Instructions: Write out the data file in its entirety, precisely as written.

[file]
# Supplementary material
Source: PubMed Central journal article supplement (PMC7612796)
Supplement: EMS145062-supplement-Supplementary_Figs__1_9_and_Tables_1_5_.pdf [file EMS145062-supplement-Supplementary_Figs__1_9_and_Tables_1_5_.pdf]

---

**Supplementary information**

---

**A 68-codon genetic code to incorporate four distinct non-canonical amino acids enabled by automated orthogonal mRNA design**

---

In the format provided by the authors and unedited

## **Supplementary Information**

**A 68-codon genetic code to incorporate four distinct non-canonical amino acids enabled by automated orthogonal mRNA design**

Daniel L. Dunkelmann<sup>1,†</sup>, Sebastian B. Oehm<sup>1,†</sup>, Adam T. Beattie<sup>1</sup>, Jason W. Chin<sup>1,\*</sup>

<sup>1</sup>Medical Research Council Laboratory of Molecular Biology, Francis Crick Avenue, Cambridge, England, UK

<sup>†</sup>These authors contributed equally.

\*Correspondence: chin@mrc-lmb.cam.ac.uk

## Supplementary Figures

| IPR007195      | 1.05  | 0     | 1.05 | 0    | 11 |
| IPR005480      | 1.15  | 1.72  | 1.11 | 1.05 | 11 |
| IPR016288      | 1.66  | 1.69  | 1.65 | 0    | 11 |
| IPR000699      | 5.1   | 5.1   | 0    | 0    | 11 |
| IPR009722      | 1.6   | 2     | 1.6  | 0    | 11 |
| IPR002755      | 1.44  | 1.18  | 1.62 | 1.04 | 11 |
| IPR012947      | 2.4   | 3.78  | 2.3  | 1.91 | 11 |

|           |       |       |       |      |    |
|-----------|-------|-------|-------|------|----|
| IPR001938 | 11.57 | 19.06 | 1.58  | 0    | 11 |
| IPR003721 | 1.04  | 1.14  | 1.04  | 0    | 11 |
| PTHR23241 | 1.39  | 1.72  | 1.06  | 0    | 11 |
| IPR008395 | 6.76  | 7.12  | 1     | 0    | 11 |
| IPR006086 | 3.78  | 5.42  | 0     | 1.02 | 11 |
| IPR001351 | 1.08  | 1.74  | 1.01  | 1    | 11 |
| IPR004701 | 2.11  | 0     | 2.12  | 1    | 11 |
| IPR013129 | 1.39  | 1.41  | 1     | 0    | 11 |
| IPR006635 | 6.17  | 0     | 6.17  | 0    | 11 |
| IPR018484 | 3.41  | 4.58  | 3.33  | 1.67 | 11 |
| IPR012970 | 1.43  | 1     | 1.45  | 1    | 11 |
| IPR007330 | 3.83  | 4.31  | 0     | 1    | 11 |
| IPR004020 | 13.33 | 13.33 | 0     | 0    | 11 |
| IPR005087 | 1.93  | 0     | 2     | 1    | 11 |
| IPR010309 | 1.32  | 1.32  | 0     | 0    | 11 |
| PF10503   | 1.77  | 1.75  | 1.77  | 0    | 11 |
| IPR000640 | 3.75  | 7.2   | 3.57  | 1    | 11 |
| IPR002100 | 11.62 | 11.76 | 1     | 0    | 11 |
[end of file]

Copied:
# Supplementary material
Source: PubMed Central journal article supplement (PMC7612796)
Supplement: EMS145062-supplement-Supplementary_Figs__1_9_and_Tables_1_5_.pdf [file EMS145062-supplement-Supplementary_Figs__1_9_and_Tables_1_5_.pdf]

---

**Supplementary information**

---

**A 68-codon genetic code to incorporate four distinct non-canonical amino acids enabled by automated orthogonal mRNA design**

---

In the format provided by the authors and unedited

## **Supplementary Information**

**A 68-codon genetic code to incorporate four distinct non-canonical amino acids enabled by automated orthogonal mRNA design**

Daniel L. Dunkelmann<sup>1,†</sup>, Sebastian B. Oehm<sup>1,†</sup>, Adam T. Beattie<sup>1</sup>, Jason W. Chin<sup>1,\*</sup>

<sup>1</sup>Medical Research Council Laboratory of Molecular Biology, Francis Crick Avenue, Cambridge, England, UK

<sup>†</sup>These authors contributed equally.

\*Correspondence: chin@mrc-lmb.cam.ac.uk

## Supplementary Figures

| IPR007195      | 1.05  | 0     | 1.05 | 0    | 11 |
| IPR005480      | 1.15  | 1.72  | 1.11 | 1.05 | 11 |
| IPR016288      | 1.66  | 1.69  | 1.65 | 0    | 11 |
| IPR000699      | 5.1   | 5.1   | 0    | 0    | 11 |
| IPR009722      | 1.6   | 2     | 1.6  | 0    | 11 |
| IPR002755      | 1.44  | 1.18  | 1.62 | 1.04 | 11 |
| IPR012947      | 2.4   | 3.78  | 2.3  | 1.91 | 11 |

|           |       |       |       |      |    |
|-----------|-------|-------|-------|------|----|
| IPR001938 | 11.57 | 19.06 | 1.58  | 0    | 11 |
| IPR003721 | 1.04  | 1.14  | 1.04  | 0    | 11 |
| PTHR23241 | 1.39  | 1.72  | 1.06  | 0    | 11 |
| IPR008395 | 6.76  | 7.12  | 1     | 0    | 11 |
| IPR006086 | 3.78  | 5.42  | 0     | 1.02 | 11 |
| IPR001351 | 1.08  | 1.74  | 1.01  | 1    | 11 |
| IPR004701 | 2.11  | 0     | 2.12  | 1    | 11 |
| IPR013129 | 1.39  | 1.41  | 1     | 0    | 11 |
| IPR006635 | 6.17  | 0     | 6.17  | 0    | 11 |
| IPR018484 | 3.41  | 4.58  | 3.33  | 1.67 | 11 |
| IPR012970 | 1.43  | 1     | 1.45  | 1    | 11 |
| IPR007330 | 3.83  | 4.31  | 0     | 1    | 11 |
| IPR004020 | 13.33 | 13.33 | 0     | 0    | 11 |
| IPR005087 | 1.93  | 0     | 2     | 1    | 11 |
| IPR010309 | 1.32  | 1.32  | 0     | 0    | 11 |
| PF10503   | 1.77  | 1.75  | 1.77  | 0    | 11 |
| IPR000640 | 3.75  | 7.2   | 3.57  | 1    | 11 |
| IPR002100 | 11.62 | 11.76 | 1     | 0    | 11 |